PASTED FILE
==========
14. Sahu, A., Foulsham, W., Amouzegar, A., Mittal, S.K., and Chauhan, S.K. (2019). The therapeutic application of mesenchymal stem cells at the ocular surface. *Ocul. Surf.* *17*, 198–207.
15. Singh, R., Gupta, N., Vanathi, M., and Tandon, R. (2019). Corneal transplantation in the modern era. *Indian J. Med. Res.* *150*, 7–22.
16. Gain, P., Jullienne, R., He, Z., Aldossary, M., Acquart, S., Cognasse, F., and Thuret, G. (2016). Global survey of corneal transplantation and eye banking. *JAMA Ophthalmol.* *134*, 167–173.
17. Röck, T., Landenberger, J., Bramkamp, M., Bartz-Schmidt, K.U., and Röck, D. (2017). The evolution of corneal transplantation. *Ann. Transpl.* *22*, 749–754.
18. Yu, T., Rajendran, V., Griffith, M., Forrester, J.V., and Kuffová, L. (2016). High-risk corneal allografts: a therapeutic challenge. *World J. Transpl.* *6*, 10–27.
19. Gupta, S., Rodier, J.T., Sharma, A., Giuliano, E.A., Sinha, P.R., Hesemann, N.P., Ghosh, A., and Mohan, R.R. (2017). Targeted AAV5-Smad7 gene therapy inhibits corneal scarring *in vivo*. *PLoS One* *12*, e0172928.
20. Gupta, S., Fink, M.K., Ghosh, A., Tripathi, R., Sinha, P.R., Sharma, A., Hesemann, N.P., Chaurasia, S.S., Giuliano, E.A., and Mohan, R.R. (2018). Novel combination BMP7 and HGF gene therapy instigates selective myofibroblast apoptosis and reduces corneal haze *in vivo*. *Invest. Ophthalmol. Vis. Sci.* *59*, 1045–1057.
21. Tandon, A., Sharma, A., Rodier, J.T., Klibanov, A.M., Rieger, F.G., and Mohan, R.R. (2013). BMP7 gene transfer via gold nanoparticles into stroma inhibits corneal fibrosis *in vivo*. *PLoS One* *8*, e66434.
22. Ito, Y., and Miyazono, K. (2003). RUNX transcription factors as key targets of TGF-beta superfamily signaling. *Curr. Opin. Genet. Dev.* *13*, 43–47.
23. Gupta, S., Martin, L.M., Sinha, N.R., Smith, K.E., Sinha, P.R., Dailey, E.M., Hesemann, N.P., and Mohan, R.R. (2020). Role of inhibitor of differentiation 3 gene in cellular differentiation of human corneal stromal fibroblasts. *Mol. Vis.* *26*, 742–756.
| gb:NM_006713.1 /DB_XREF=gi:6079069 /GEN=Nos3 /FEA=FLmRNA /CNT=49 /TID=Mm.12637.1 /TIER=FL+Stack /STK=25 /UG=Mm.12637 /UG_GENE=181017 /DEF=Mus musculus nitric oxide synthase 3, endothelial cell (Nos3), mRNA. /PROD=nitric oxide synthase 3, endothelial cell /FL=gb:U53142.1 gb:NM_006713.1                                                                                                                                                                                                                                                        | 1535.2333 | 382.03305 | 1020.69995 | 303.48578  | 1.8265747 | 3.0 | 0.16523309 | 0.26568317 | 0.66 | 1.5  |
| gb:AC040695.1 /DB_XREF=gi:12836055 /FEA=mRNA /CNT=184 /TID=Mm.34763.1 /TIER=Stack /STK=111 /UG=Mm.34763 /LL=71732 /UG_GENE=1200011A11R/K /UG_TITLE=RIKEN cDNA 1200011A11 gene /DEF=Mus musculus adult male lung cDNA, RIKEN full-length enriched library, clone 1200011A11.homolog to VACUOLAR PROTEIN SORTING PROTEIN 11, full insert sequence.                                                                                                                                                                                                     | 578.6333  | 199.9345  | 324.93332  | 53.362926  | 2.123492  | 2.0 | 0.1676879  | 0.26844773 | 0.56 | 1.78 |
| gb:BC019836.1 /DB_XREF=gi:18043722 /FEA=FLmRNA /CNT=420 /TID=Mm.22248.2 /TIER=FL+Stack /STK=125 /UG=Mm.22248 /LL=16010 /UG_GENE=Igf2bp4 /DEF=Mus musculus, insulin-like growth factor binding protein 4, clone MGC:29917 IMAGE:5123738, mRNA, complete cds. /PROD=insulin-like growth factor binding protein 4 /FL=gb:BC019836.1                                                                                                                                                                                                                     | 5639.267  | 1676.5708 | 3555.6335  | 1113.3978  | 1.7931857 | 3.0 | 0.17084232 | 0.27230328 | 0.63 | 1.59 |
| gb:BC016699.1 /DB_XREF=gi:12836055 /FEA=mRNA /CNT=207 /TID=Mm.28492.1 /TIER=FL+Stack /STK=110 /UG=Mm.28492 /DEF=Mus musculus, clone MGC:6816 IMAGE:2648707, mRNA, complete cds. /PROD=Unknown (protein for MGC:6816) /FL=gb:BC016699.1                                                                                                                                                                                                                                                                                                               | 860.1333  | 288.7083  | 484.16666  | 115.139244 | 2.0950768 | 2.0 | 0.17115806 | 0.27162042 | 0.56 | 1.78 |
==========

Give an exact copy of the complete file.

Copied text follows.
14. Sahu, A., Foulsham, W., Amouzegar, A., Mittal, S.K., and Chauhan, S.K. (2019). The therapeutic application of mesenchymal stem cells at the ocular surface. *Ocul. Surf.* *17*, 198–207.
15. Singh, R., Gupta, N., Vanathi, M., and Tandon, R. (2019). Corneal transplantation in the modern era. *Indian J. Med. Res.* *150*, 7–22.
16. Gain, P., Jullienne, R., He, Z., Aldossary, M., Acquart, S., Cognasse, F., and Thuret, G. (2016). Global survey of corneal transplantation and eye banking. *JAMA Ophthalmol.* *134*, 167–173.
17. Röck, T., Landenberger, J., Bramkamp, M., Bartz-Schmidt, K.U., and Röck, D. (2017). The evolution of corneal transplantation. *Ann. Transpl.* *22*, 749–754.
18. Yu, T., Rajendran, V., Griffith, M., Forrester, J.V., and Kuffová, L. (2016). High-risk corneal allografts: a therapeutic challenge. *World J. Transpl.* *6*, 10–27.
19. Gupta, S., Rodier, J.T., Sharma, A., Giuliano, E.A., Sinha, P.R., Hesemann, N.P., Ghosh, A., and Mohan, R.R. (2017). Targeted AAV5-Smad7 gene therapy inhibits corneal scarring *in vivo*. *PLoS One* *12*, e0172928.
20. Gupta, S., Fink, M.K., Ghosh, A., Tripathi, R., Sinha, P.R., Sharma, A., Hesemann, N.P., Chaurasia, S.S., Giuliano, E.A., and Mohan, R.R. (2018). Novel combination BMP7 and HGF gene therapy instigates selective myofibroblast apoptosis and reduces corneal haze *in vivo*. *Invest. Ophthalmol. Vis. Sci.* *59*, 1045–1057.
21. Tandon, A., Sharma, A., Rodier, J.T., Klibanov, A.M., Rieger, F.G., and Mohan, R.R. (2013). BMP7 gene transfer via gold nanoparticles into stroma inhibits corneal fibrosis *in vivo*. *PLoS One* *8*, e66434.
22. Ito, Y., and Miyazono, K. (2003). RUNX transcription factors as key targets of TGF-beta superfamily signaling. *Curr. Opin. Genet. Dev.* *13*, 43–47.
23. Gupta, S., Martin, L.M., Sinha, N.R., Smith, K.E., Sinha, P.R., Dailey, E.M., Hesemann, N.P., and Mohan, R.R. (2020). Role of inhibitor of differentiation 3 gene in cellular differentiation of human corneal stromal fibroblasts. *Mol. Vis.* *26*, 742–756.
| gb:NM_006713.1 /DB_XREF=gi:6079069 /GEN=Nos3 /FEA=FLmRNA /CNT=49 /TID=Mm.12637.1 /TIER=FL+Stack /STK=25 /UG=Mm.12637 /UG_GENE=181017 /DEF=Mus musculus nitric oxide synthase 3, endothelial cell (Nos3), mRNA. /PROD=nitric oxide synthase 3, endothelial cell /FL=gb:U53142.1 gb:NM_006713.1                                                                                                                                                                                                                                                        | 1535.2333 | 382.03305 | 1020.69995 | 303.48578  | 1.8265747 | 3.0 | 0.16523309 | 0.26568317 | 0.66 | 1.5  |
| gb:AC040695.1 /DB_XREF=gi:12836055 /FEA=mRNA /CNT=184 /TID=Mm.34763.1 /TIER=Stack /STK=111 /UG=Mm.34763 /LL=71732 /UG_GENE=1200011A11R/K /UG_TITLE=RIKEN cDNA 1200011A11 gene /DEF=Mus musculus adult male lung cDNA, RIKEN full-length enriched library, clone 1200011A11.homolog to VACUOLAR PROTEIN SORTING PROTEIN 11, full insert sequence.                                                                                                                                                                                                     | 578.6333  | 199.9345  | 324.93332  | 53.362926  | 2.123492  | 2.0 | 0.1676879  | 0.26844773 | 0.56 | 1.78 |
| gb:BC019836.1 /DB_XREF=gi:18043722 /FEA=FLmRNA /CNT=420 /TID=Mm.22248.2 /TIER=FL+Stack /STK=125 /UG=Mm.22248 /LL=16010 /UG_GENE=Igf2bp4 /DEF=Mus musculus, insulin-like growth factor binding protein 4, clone MGC:29917 IMAGE:5123738, mRNA, complete cds. /PROD=insulin-like growth factor binding protein 4 /FL=gb:BC019836.1                                                                                                                                                                                                                     | 5639.267  | 1676.5708 | 3555.6335  | 1113.3978  | 1.7931857 | 3.0 | 0.17084232 | 0.27230328 | 0.63 | 1.59 |
| gb:BC016699.1 /DB_XREF=gi:12836055 /FEA=mRNA /CNT=207 /TID=Mm.28492.1 /TIER=FL+Stack /STK=110 /UG=Mm.28492 /DEF=Mus musculus, clone MGC:6816 IMAGE:2648707, mRNA, complete cds. /PROD=Unknown (protein for MGC:6816) /FL=gb:BC016699.1                                                                                                                                                                                                                                                                                                               | 860.1333  | 288.7083  | 484.16666  | 115.139244 | 2.0950768 | 2.0 | 0.17115806 | 0.27162042 | 0.56 | 1.78 |